Letters

States Right$

Maryann Cusimano Love (“The Defense Dilemma,” 3/8) points out the incredible waste in defense programs. To her credit she allots blame not just to the military and their contractors but also to the legislators. Bureaucracies are inherently wasteful and inefficient. The Defense Department and the Department of Health and Human Services are bureaucracies.

In my opinion, the root of the problem with defense spending rests with the Congress, not with the military. Take as an example, the F-35 fighter jet program. It is unnecessary and should be replaced with considerably less expensive Unmanned Aerial Vehicles. But the problem is that the production of the aircraft is spread over 44 states. Which congressman or senator is going to blink?

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Michael Collins

Myersville, Md.

A Gift

The Of Many Things column by James Martin, S.J., on March 8 was a magnificent tribute to John W. Donohue, S.J. I was a senior at Fordham when Thomas More College for women was founded, and I was enormously blessed to hear Father Donohue speak on occasion. What a gift he was to America, as you all know better than I. Praise God for this great priest.

Tim Collins

Vienna, Va.

America and John W. Donohue, S.J., have been part of my life for many years now. This reflection brought tears to my eyes. Well done, Father Jim.

J. Peter Nixon

Concord, Calif.

Father John W. Donohue was a very strong influence on many of us New York seminarians through elective courses he taught in education at Dunwoodie Seminary. Insightful, witty, topical, engaging, cultured, patient—all that and more. And because of him I came to know of and read The New Yorker then and ever since!

(Msgr.) Kevin W. Irwin

Washington, D.C.

Eye-Witness Reaction

Re “The Other America,” by Tim Padgett (3/8): The author’s description of what happened here is as off-base as was the CNN Español channel’s slanted coverage of what transpired. I’ve been living here for several years, and I disagree that Honduras would have been better off with Zelaya in office.

The author’s statement that “Zelaya’s proposed nonbinding plebiscite never mentioned re-election” is misleading at best. Everyone living in this country had been listening to him and knew exactly what he was up to. He planned to follow Chávez and others and stay in office. His wanting to “take a poll” on the issue was just a way of stirring up a frenzy that he anticipated would sweep him into continuous presidential status.

What Micheletti did was quite simply to save democracy in Central America. His actions contradicted the status quo in Central America, where presidents have been figuring out ways to stay in office. CNN Español covered the pro-Zelaya marches more than Micheletti’s pro-government marches; thus world opinion was swayed by biased news coverage.

I witnessed the marches personally. The Micheletti marches, referred to here as the “pro-government” marches, were civilized and the numbers were huge. The people were average, everyday working class Hondurans trying to keep their country from becoming another Cuba or Venezuela. The Zelaya marchers were bused in from rural areas, paid $20 a day and were a bunch of hoodlums. They burned businesses, painted graffiti on everything and did thousands of dollars of damage to property.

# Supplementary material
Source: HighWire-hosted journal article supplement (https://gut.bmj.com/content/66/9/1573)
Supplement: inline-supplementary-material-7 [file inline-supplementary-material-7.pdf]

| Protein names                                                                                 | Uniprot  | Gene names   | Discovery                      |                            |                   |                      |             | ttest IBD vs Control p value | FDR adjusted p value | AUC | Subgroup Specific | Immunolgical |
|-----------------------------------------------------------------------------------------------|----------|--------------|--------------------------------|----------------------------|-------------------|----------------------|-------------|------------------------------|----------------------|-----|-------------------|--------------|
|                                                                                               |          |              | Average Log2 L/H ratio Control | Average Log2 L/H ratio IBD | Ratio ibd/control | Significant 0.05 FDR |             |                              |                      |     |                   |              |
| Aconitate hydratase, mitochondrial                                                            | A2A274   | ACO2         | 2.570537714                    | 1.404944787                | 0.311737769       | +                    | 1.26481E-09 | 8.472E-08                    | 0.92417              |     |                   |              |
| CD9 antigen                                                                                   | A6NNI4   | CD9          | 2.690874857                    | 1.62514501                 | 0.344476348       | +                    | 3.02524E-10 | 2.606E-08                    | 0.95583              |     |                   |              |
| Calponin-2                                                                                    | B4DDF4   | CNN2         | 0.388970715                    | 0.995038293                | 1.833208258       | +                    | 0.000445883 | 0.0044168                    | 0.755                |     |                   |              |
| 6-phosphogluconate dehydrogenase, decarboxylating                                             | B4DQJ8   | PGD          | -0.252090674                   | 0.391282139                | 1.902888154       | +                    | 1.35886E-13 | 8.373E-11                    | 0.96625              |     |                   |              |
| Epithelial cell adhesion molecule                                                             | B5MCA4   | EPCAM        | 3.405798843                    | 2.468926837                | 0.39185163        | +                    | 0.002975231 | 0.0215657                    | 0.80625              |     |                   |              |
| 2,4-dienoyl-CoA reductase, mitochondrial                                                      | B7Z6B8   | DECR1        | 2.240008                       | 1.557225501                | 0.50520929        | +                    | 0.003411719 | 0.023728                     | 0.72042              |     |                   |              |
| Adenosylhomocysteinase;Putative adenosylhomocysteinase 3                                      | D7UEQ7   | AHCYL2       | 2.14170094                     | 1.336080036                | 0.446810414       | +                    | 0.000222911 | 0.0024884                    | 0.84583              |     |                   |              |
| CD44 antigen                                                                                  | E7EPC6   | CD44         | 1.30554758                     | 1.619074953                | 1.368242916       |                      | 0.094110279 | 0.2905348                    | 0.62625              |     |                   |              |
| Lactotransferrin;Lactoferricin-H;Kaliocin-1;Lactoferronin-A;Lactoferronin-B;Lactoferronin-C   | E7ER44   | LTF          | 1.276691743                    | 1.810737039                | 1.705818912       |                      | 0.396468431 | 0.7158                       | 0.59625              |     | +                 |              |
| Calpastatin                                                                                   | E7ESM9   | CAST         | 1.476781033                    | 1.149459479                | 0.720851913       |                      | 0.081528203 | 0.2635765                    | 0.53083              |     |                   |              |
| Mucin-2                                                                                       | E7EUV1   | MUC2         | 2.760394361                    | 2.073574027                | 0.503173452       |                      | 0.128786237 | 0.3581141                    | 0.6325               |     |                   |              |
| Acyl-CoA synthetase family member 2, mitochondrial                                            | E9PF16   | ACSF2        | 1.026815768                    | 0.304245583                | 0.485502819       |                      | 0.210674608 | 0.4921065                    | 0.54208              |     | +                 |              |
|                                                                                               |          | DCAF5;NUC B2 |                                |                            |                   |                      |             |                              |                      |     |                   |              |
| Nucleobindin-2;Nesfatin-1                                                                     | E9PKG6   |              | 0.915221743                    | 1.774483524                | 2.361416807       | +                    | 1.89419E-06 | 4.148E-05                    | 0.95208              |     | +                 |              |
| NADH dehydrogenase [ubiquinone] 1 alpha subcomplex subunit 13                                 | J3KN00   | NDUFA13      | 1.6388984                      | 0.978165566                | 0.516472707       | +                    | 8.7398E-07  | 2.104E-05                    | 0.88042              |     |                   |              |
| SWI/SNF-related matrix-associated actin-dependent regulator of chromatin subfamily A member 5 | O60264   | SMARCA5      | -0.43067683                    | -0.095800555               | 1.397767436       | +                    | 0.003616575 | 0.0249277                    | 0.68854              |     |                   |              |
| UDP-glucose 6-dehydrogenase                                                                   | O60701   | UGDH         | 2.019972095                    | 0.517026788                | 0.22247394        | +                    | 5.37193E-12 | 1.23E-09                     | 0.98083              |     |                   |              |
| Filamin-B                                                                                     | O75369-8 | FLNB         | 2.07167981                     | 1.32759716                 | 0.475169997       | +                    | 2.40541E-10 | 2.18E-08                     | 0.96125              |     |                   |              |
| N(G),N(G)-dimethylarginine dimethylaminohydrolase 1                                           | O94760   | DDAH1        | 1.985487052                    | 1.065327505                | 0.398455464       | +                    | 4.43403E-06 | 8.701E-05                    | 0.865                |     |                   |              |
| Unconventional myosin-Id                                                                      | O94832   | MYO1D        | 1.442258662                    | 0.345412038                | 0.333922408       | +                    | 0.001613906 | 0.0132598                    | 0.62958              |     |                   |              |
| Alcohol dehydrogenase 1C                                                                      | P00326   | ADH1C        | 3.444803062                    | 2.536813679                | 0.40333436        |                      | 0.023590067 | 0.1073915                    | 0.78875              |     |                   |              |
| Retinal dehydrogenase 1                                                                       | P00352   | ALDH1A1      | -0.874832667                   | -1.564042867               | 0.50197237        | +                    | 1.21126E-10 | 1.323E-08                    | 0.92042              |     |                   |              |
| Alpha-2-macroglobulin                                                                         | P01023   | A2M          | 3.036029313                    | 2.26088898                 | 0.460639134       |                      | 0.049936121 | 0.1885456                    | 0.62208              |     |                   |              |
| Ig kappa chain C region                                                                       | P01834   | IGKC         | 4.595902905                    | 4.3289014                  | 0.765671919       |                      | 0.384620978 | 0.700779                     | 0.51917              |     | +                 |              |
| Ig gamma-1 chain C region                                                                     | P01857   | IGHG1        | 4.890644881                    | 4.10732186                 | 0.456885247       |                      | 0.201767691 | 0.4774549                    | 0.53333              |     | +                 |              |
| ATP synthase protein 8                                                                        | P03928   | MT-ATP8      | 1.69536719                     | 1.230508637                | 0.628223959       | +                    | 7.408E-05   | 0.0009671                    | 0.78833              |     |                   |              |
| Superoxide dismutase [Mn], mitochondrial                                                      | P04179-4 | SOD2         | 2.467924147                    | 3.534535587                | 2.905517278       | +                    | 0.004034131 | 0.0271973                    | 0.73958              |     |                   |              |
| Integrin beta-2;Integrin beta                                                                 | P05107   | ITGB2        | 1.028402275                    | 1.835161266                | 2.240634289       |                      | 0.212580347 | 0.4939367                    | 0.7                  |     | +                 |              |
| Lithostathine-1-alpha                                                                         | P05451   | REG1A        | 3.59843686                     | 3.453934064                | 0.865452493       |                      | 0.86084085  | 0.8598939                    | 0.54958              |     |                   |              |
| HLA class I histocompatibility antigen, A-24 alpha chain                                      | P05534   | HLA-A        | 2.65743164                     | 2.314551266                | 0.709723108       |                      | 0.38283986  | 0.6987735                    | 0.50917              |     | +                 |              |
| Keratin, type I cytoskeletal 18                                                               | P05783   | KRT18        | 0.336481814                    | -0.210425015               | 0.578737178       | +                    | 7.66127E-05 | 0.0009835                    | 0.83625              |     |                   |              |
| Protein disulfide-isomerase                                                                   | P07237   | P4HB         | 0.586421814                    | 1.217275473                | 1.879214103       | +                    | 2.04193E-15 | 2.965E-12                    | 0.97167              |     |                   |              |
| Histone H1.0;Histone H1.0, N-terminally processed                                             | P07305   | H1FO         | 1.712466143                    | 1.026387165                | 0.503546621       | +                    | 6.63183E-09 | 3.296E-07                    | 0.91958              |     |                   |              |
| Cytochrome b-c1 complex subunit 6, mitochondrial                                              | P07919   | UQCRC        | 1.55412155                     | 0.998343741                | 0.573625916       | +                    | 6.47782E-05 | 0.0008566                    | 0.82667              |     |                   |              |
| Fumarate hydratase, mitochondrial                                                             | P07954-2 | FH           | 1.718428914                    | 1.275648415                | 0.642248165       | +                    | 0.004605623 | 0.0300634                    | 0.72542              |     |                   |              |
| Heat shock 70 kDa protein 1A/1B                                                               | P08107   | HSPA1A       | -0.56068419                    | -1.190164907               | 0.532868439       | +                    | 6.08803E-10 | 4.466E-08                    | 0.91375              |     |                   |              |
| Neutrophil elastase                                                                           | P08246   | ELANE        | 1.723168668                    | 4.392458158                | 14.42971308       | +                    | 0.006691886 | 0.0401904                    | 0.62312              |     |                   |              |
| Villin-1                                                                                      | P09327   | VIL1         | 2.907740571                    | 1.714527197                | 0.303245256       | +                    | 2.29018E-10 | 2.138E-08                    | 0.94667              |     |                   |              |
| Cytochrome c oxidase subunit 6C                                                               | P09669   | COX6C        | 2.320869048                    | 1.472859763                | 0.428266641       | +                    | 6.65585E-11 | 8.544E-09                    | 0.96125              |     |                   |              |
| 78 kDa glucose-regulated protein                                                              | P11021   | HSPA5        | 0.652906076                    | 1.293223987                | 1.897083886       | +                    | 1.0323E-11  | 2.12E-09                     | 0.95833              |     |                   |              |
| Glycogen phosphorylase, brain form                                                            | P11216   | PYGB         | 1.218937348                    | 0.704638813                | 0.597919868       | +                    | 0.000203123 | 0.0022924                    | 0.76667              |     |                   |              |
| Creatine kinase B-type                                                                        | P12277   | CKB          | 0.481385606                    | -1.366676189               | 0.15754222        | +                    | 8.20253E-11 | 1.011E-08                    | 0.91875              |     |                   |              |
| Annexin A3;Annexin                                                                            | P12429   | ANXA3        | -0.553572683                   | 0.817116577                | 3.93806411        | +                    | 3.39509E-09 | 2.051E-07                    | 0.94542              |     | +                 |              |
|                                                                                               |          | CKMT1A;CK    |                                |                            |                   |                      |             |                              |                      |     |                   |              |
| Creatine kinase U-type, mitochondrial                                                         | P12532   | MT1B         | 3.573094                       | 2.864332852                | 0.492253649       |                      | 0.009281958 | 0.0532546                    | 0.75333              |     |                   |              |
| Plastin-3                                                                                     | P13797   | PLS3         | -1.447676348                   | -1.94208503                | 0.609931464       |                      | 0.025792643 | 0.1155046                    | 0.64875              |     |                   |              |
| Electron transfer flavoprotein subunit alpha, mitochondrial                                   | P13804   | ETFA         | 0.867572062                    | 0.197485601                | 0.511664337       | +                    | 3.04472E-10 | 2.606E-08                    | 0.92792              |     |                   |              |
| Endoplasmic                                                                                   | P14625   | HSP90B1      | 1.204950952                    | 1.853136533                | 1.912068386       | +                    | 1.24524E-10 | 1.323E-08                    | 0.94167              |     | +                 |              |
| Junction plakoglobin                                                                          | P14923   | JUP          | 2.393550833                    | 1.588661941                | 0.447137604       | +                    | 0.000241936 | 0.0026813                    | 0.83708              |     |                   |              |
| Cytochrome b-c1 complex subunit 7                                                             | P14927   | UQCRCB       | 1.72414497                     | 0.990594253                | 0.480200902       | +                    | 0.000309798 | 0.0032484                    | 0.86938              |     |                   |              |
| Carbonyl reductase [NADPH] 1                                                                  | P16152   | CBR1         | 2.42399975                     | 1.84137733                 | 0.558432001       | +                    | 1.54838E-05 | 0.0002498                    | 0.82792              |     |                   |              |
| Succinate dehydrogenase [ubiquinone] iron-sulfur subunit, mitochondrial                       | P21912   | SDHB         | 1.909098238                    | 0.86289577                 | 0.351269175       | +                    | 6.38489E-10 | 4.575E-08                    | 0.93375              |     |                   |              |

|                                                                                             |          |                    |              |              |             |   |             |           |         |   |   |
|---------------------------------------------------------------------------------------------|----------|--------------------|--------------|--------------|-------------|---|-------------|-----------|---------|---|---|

And contrary to what a lot of media reported, the military did not take over Honduras. They were simply the tool used to physically remove Zelaya. This was not the perfect solution. A democratic process to oust Zelaya would have been better. But this is a country still trying to claw its way into the 20th century. The end result was that a free democratic election was held; and Honduras, imperfect though it is, is still a democracy.

Robin James

Tegucigalpa, Honduras

Preachers’ Aid

Domestic violence (Editorial, “Behind Closed Doors,” 3/8) tears the heart and soul out of so many, especially children. In 1993, the U.S. Catholic Bishops Conference made a superb 12-minute video, “When You Preach, Remember Me,” a challenge to all preachers to speak out boldly against domestic violence. This topic is too rarely addressed from the pulpit. Maybe America’s Web magicians could find and then run the 1993 video on America’s Web site, or link to the U.S.C.C.B.’s more recent offerings on the topic.

Rick Malloy, S.J.

Philadelphia, Pa.

Children’s Rights

Re “Friendly Persuasion,” by Robert Barron (Books & Culture, 3/8): I think that the pro-abortion forces have defined the argument: It is not a children’s rights issue, it is a women’s rights issue. Until we shift the ground and make it a children’s rights issue, Roe v. Wade will stand, with support by a plurality of the American public.

Robert Davis

Nairobi, Kenya

Ambiguity Versus Precision

Re “Friendly Persuasion,” by Robert Barron (Books & Culture, 3/8): Indeed, that one simple scene from “Juno” seemed to speak more powerfully than years of arguments by even the most impassioned defenders of the unborn (which often repel as much as they attract or persuade).

Unfortunately, many would fault “Juno” for being too ambiguous or for not taking a clear stand. But I think you affirm the important point that God speaks to us at the intersection of ambiguity and imagination, if we allow it to, at least as often as—if not more often than—at the intersection of precision and reason. Thanks for the reminder!

Mark Mossa, S.J.

Bronx, N.Y.

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